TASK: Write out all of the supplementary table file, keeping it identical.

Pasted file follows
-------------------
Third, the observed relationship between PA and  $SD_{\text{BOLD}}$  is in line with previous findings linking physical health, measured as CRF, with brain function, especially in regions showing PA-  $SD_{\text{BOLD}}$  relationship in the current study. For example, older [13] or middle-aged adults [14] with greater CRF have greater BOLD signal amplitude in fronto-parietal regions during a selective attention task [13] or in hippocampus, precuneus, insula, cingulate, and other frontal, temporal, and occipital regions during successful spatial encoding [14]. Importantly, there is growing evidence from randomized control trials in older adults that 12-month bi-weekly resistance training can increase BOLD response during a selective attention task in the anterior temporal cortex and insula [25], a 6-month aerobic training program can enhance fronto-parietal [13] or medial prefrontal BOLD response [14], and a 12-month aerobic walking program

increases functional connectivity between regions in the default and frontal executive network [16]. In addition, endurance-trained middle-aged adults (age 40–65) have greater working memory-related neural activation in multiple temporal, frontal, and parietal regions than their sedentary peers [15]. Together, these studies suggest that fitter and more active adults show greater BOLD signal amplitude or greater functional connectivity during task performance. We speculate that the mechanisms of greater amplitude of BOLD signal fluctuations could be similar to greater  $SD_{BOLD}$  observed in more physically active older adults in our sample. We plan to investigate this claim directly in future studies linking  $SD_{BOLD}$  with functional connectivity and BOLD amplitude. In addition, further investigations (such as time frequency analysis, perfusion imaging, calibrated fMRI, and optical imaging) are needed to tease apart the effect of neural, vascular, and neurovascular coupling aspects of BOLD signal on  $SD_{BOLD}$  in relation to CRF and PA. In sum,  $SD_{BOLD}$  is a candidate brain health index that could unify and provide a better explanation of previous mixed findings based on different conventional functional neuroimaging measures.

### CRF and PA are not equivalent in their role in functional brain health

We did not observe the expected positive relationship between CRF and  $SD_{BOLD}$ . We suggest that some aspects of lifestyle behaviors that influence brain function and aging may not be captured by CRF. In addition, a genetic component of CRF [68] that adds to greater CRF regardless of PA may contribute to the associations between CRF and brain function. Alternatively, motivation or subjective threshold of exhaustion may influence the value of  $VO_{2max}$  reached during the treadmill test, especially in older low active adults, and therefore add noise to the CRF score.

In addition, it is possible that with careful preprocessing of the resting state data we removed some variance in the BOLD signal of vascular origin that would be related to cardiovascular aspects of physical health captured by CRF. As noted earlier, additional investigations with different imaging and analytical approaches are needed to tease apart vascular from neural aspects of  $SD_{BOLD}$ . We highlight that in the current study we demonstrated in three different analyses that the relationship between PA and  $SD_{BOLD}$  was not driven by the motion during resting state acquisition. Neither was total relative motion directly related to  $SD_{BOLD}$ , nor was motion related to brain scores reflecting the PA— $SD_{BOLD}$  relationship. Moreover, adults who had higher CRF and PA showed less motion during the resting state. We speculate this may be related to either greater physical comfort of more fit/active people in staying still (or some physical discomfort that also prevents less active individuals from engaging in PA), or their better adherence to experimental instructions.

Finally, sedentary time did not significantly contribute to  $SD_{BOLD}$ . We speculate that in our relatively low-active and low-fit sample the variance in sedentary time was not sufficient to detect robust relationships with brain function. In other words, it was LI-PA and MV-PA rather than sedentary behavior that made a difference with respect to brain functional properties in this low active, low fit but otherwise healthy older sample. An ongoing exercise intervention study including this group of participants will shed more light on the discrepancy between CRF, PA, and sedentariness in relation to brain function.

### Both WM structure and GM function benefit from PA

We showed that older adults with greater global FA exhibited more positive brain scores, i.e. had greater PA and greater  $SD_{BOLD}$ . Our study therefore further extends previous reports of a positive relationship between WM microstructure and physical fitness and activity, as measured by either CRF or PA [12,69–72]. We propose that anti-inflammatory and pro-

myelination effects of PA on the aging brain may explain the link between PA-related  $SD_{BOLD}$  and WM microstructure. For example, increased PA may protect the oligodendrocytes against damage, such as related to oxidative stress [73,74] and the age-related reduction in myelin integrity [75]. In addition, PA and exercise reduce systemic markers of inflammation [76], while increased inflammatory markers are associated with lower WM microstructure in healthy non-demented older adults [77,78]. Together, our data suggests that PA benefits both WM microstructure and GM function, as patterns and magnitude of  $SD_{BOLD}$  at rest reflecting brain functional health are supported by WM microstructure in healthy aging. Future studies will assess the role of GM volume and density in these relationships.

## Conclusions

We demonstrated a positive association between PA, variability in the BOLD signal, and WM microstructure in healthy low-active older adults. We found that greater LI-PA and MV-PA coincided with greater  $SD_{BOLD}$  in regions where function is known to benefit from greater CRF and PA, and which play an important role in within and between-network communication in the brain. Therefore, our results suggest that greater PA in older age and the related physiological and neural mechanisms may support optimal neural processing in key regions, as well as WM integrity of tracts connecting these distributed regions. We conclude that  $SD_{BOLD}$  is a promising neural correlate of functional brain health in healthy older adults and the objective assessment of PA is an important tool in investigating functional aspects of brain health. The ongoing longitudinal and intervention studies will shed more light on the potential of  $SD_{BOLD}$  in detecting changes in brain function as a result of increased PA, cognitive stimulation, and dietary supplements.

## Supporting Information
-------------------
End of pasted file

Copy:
Third, the observed relationship between PA and  $SD_{\text{BOLD}}$  is in line with previous findings linking physical health, measured as CRF, with brain function, especially in regions showing PA-  $SD_{\text{BOLD}}$  relationship in the current study. For example, older [13] or middle-aged adults [14] with greater CRF have greater BOLD signal amplitude in fronto-parietal regions during a selective attention task [13] or in hippocampus, precuneus, insula, cingulate, and other frontal, temporal, and occipital regions during successful spatial encoding [14]. Importantly, there is growing evidence from randomized control trials in older adults that 12-month bi-weekly resistance training can increase BOLD response during a selective attention task in the anterior temporal cortex and insula [25], a 6-month aerobic training program can enhance fronto-parietal [13] or medial prefrontal BOLD response [14], and a 12-month aerobic walking program

increases functional connectivity between regions in the default and frontal executive network [16]. In addition, endurance-trained middle-aged adults (age 40–65) have greater working memory-related neural activation in multiple temporal, frontal, and parietal regions than their sedentary peers [15]. Together, these studies suggest that fitter and more active adults show greater BOLD signal amplitude or greater functional connectivity during task performance. We speculate that the mechanisms of greater amplitude of BOLD signal fluctuations could be similar to greater  $SD_{BOLD}$  observed in more physically active older adults in our sample. We plan to investigate this claim directly in future studies linking  $SD_{BOLD}$  with functional connectivity and BOLD amplitude. In addition, further investigations (such as time frequency analysis, perfusion imaging, calibrated fMRI, and optical imaging) are needed to tease apart the effect of neural, vascular, and neurovascular coupling aspects of BOLD signal on  $SD_{BOLD}$  in relation to CRF and PA. In sum,  $SD_{BOLD}$  is a candidate brain health index that could unify and provide a better explanation of previous mixed findings based on different conventional functional neuroimaging measures.

### CRF and PA are not equivalent in their role in functional brain health

We did not observe the expected positive relationship between CRF and  $SD_{BOLD}$ . We suggest that some aspects of lifestyle behaviors that influence brain function and aging may not be captured by CRF. In addition, a genetic component of CRF [68] that adds to greater CRF regardless of PA may contribute to the associations between CRF and brain function. Alternatively, motivation or subjective threshold of exhaustion may influence the value of  $VO_{2max}$  reached during the treadmill test, especially in older low active adults, and therefore add noise to the CRF score.

In addition, it is possible that with careful preprocessing of the resting state data we removed some variance in the BOLD signal of vascular origin that would be related to cardiovascular aspects of physical health captured by CRF. As noted earlier, additional investigations with different imaging and analytical approaches are needed to tease apart vascular from neural aspects of  $SD_{BOLD}$ . We highlight that in the current study we demonstrated in three different analyses that the relationship between PA and  $SD_{BOLD}$  was not driven by the motion during resting state acquisition. Neither was total relative motion directly related to  $SD_{BOLD}$ , nor was motion related to brain scores reflecting the PA— $SD_{BOLD}$  relationship. Moreover, adults who had higher CRF and PA showed less motion during the resting state. We speculate this may be related to either greater physical comfort of more fit/active people in staying still (or some physical discomfort that also prevents less active individuals from engaging in PA), or their better adherence to experimental instructions.

Finally, sedentary time did not significantly contribute to  $SD_{BOLD}$ . We speculate that in our relatively low-active and low-fit sample the variance in sedentary time was not sufficient to detect robust relationships with brain function. In other words, it was LI-PA and MV-PA rather than sedentary behavior that made a difference with respect to brain functional properties in this low active, low fit but otherwise healthy older sample. An ongoing exercise intervention study including this group of participants will shed more light on the discrepancy between CRF, PA, and sedentariness in relation to brain function.

### Both WM structure and GM function benefit from PA

We showed that older adults with greater global FA exhibited more positive brain scores, i.e. had greater PA and greater  $SD_{BOLD}$ . Our study therefore further extends previous reports of a positive relationship between WM microstructure and physical fitness and activity, as measured by either CRF or PA [12,69–72]. We propose that anti-inflammatory and pro-

myelination effects of PA on the aging brain may explain the link between PA-related  $SD_{BOLD}$  and WM microstructure. For example, increased PA may protect the oligodendrocytes against damage, such as related to oxidative stress [73,74] and the age-related reduction in myelin integrity [75]. In addition, PA and exercise reduce systemic markers of inflammation [76], while increased inflammatory markers are associated with lower WM microstructure in healthy non-demented older adults [77,78]. Together, our data suggests that PA benefits both WM microstructure and GM function, as patterns and magnitude of  $SD_{BOLD}$  at rest reflecting brain functional health are supported by WM microstructure in healthy aging. Future studies will assess the role of GM volume and density in these relationships.

## Conclusions

We demonstrated a positive association between PA, variability in the BOLD signal, and WM microstructure in healthy low-active older adults. We found that greater LI-PA and MV-PA coincided with greater  $SD_{BOLD}$  in regions where function is known to benefit from greater CRF and PA, and which play an important role in within and between-network communication in the brain. Therefore, our results suggest that greater PA in older age and the related physiological and neural mechanisms may support optimal neural processing in key regions, as well as WM integrity of tracts connecting these distributed regions. We conclude that  $SD_{BOLD}$  is a promising neural correlate of functional brain health in healthy older adults and the objective assessment of PA is an important tool in investigating functional aspects of brain health. The ongoing longitudinal and intervention studies will shed more light on the potential of  $SD_{BOLD}$  in detecting changes in brain function as a result of increased PA, cognitive stimulation, and dietary supplements.

## Supporting Information